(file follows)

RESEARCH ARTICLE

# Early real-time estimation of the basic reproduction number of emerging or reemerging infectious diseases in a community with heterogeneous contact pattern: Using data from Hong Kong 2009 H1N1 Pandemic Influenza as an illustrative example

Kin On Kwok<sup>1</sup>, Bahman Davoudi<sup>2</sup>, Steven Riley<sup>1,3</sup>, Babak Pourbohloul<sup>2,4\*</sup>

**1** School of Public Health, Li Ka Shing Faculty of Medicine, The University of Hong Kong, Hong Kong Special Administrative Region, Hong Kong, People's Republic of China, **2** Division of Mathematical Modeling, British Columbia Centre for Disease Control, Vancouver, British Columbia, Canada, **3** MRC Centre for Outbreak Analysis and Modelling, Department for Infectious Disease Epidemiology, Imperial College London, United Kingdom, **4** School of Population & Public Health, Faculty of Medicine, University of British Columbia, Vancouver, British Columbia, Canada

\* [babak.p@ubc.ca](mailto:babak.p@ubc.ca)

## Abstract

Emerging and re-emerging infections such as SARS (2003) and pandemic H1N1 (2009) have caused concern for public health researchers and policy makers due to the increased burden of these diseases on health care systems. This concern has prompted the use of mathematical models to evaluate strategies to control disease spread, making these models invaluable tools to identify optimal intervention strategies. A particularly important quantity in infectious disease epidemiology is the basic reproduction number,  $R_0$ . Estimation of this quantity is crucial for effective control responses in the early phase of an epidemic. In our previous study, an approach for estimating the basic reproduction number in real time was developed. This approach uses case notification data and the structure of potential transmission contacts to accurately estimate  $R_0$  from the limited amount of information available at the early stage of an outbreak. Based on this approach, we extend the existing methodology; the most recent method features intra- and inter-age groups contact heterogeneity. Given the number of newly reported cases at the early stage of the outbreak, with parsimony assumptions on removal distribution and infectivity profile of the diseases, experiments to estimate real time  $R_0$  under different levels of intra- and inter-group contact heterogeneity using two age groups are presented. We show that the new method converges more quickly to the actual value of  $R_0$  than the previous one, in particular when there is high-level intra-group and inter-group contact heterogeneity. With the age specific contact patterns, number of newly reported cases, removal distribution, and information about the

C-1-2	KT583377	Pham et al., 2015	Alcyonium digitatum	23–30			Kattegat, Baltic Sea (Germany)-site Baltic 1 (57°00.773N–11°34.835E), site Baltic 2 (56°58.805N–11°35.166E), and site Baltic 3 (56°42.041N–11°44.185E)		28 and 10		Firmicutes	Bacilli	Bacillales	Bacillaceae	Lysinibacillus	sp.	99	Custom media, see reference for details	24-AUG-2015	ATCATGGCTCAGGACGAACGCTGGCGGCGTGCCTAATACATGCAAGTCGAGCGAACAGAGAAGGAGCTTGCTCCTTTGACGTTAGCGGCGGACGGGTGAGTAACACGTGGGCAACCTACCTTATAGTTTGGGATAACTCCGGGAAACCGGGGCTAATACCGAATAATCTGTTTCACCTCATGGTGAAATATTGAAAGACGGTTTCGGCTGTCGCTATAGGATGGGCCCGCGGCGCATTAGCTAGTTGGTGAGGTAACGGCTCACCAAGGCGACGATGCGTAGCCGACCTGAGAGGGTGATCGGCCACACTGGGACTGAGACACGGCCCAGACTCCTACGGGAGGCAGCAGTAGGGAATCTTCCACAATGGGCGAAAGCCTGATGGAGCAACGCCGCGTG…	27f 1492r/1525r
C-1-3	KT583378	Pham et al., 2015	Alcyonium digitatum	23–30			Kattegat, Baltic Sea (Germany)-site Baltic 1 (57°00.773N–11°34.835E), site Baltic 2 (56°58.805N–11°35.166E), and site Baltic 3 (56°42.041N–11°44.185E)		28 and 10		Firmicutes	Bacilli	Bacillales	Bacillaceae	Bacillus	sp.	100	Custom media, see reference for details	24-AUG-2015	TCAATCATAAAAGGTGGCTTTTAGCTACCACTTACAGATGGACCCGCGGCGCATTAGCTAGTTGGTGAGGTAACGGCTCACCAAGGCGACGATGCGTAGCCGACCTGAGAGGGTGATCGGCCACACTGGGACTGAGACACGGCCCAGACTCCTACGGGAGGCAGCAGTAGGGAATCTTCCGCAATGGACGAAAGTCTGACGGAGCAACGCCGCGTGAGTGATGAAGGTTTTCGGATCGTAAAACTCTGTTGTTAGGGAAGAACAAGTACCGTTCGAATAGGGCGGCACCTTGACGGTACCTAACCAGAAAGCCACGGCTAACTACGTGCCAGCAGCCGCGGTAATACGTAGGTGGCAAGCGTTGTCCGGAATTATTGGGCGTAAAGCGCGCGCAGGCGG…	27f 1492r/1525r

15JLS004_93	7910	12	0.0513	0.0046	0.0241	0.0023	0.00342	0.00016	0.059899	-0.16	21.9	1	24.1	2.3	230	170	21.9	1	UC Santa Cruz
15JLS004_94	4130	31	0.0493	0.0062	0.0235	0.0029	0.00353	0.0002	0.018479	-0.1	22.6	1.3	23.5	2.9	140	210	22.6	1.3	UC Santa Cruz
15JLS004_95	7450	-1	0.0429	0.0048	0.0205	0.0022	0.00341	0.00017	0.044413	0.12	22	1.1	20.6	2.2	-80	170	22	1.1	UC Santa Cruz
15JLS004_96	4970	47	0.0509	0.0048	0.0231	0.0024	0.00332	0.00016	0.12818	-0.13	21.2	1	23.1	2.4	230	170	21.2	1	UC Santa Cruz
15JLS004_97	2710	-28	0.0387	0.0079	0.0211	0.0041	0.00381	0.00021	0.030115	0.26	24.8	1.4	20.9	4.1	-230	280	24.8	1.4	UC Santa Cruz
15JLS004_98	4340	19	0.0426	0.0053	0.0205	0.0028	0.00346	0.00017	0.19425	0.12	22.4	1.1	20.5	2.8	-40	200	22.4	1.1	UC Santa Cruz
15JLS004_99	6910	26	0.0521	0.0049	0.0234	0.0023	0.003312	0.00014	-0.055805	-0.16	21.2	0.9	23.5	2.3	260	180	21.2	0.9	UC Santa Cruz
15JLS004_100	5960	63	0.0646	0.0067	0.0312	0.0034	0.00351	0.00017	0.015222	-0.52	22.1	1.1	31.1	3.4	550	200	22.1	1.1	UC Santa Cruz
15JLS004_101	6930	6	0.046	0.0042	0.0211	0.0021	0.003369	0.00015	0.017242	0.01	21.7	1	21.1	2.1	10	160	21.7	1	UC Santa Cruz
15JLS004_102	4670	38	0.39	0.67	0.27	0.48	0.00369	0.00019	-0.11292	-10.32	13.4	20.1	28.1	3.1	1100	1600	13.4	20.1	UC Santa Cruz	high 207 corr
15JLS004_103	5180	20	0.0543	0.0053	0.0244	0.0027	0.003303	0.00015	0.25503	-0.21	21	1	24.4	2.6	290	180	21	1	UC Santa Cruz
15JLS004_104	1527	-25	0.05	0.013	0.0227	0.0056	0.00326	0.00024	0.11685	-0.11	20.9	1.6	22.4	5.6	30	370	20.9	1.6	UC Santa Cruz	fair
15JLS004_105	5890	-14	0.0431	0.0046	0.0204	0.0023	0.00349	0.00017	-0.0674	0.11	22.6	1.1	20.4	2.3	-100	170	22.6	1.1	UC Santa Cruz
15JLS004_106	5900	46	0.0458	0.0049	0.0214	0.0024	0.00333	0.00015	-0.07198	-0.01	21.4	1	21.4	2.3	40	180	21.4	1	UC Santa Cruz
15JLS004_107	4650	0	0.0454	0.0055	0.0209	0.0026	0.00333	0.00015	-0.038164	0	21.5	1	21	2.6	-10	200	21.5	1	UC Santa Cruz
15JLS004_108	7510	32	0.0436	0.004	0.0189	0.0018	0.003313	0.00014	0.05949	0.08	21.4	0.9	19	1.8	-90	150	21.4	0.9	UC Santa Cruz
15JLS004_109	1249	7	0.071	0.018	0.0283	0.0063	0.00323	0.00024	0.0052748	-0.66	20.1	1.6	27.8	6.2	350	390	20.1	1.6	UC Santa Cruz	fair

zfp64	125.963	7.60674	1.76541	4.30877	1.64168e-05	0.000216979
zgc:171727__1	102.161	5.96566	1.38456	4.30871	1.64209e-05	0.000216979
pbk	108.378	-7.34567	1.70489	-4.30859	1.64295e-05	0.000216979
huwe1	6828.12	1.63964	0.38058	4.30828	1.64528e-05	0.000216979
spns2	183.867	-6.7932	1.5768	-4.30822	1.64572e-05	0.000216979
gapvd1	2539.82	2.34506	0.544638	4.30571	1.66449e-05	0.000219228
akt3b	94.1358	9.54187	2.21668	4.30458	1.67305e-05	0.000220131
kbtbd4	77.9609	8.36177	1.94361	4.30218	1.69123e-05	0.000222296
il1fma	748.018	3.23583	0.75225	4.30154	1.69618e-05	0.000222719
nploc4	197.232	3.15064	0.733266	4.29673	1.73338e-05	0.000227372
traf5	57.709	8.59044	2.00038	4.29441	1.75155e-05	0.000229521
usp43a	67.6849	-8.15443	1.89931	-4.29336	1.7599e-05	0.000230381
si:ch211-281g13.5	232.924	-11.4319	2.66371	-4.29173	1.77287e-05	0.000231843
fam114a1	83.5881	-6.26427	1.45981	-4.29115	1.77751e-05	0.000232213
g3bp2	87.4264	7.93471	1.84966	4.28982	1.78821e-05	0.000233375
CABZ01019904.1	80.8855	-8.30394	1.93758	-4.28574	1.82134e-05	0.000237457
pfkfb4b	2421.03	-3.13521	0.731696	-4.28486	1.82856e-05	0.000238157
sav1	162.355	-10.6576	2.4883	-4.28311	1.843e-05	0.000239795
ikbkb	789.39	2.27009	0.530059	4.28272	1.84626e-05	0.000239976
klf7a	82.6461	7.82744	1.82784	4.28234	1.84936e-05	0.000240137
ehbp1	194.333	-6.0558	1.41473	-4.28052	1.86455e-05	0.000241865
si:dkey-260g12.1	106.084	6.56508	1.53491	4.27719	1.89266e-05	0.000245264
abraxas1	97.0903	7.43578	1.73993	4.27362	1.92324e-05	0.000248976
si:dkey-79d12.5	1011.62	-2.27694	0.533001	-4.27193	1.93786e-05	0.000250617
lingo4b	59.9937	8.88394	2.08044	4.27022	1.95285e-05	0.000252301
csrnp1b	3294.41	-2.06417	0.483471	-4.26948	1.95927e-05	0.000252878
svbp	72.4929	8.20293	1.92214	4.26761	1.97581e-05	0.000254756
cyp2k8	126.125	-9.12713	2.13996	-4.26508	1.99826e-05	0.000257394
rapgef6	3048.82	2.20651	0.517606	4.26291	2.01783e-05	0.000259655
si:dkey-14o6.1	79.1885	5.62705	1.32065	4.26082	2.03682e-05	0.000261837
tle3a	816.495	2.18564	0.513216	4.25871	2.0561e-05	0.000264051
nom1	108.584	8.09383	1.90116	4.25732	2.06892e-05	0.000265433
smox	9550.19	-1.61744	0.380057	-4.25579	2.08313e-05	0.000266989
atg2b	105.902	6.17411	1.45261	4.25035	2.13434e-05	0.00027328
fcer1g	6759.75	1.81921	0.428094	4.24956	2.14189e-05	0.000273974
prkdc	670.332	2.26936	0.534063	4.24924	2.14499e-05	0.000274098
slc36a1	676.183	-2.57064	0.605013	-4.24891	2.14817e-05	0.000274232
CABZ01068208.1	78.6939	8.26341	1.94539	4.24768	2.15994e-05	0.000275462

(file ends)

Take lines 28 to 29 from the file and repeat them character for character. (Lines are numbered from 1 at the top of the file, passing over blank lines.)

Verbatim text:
zgc:171727__1	102.161	5.96566	1.38456	4.30871	1.64209e-05	0.000216979
pbk	108.378	-7.34567	1.70489	-4.30859	1.64295e-05	0.000216979